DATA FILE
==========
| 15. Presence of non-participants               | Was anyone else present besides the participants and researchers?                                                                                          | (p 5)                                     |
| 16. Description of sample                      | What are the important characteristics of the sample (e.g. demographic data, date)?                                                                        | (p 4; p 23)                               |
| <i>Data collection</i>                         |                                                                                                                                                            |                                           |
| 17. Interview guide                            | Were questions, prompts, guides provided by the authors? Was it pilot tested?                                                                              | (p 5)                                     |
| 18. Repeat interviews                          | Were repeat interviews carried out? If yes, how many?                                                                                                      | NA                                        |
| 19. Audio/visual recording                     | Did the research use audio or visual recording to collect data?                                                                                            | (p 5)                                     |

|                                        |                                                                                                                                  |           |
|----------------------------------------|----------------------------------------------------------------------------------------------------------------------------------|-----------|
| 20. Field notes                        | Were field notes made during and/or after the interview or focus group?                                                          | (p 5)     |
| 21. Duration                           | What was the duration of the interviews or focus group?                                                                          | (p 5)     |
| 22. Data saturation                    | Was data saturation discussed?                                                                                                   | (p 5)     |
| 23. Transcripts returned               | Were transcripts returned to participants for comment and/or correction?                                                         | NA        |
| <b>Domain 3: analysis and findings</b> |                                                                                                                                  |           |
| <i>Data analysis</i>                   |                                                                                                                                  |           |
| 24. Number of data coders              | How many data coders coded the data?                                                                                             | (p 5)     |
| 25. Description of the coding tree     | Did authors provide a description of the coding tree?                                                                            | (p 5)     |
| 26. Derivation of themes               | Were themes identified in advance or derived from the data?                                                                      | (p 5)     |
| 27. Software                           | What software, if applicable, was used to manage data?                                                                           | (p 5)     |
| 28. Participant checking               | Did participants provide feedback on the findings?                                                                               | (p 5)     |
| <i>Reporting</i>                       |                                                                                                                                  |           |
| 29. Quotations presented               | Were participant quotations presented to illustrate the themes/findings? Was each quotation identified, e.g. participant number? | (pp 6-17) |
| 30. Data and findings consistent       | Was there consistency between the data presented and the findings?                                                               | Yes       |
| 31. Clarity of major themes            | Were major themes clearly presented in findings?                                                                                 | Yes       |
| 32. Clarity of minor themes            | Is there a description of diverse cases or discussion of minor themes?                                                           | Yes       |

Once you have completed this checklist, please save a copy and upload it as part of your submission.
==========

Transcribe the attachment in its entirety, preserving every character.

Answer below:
| 15. Presence of non-participants               | Was anyone else present besides the participants and researchers?                                                                                          | (p 5)                                     |
| 16. Description of sample                      | What are the important characteristics of the sample (e.g. demographic data, date)?                                                                        | (p 4; p 23)                               |
| <i>Data collection</i>                         |                                                                                                                                                            |                                           |
| 17. Interview guide                            | Were questions, prompts, guides provided by the authors? Was it pilot tested?                                                                              | (p 5)                                     |
| 18. Repeat interviews                          | Were repeat interviews carried out? If yes, how many?                                                                                                      | NA                                        |
| 19. Audio/visual recording                     | Did the research use audio or visual recording to collect data?                                                                                            | (p 5)                                     |

|                                        |                                                                                                                                  |           |
|----------------------------------------|----------------------------------------------------------------------------------------------------------------------------------|-----------|
| 20. Field notes                        | Were field notes made during and/or after the interview or focus group?                                                          | (p 5)     |
| 21. Duration                           | What was the duration of the interviews or focus group?                                                                          | (p 5)     |
| 22. Data saturation                    | Was data saturation discussed?                                                                                                   | (p 5)     |
| 23. Transcripts returned               | Were transcripts returned to participants for comment and/or correction?                                                         | NA        |
| <b>Domain 3: analysis and findings</b> |                                                                                                                                  |           |
| <i>Data analysis</i>                   |                                                                                                                                  |           |
| 24. Number of data coders              | How many data coders coded the data?                                                                                             | (p 5)     |
| 25. Description of the coding tree     | Did authors provide a description of the coding tree?                                                                            | (p 5)     |
| 26. Derivation of themes               | Were themes identified in advance or derived from the data?                                                                      | (p 5)     |
| 27. Software                           | What software, if applicable, was used to manage data?                                                                           | (p 5)     |
| 28. Participant checking               | Did participants provide feedback on the findings?                                                                               | (p 5)     |
| <i>Reporting</i>                       |                                                                                                                                  |           |
| 29. Quotations presented               | Were participant quotations presented to illustrate the themes/findings? Was each quotation identified, e.g. participant number? | (pp 6-17) |
| 30. Data and findings consistent       | Was there consistency between the data presented and the findings?                                                               | Yes       |
| 31. Clarity of major themes            | Were major themes clearly presented in findings?                                                                                 | Yes       |
| 32. Clarity of minor themes            | Is there a description of diverse cases or discussion of minor themes?                                                           | Yes       |

Once you have completed this checklist, please save a copy and upload it as part of your submission.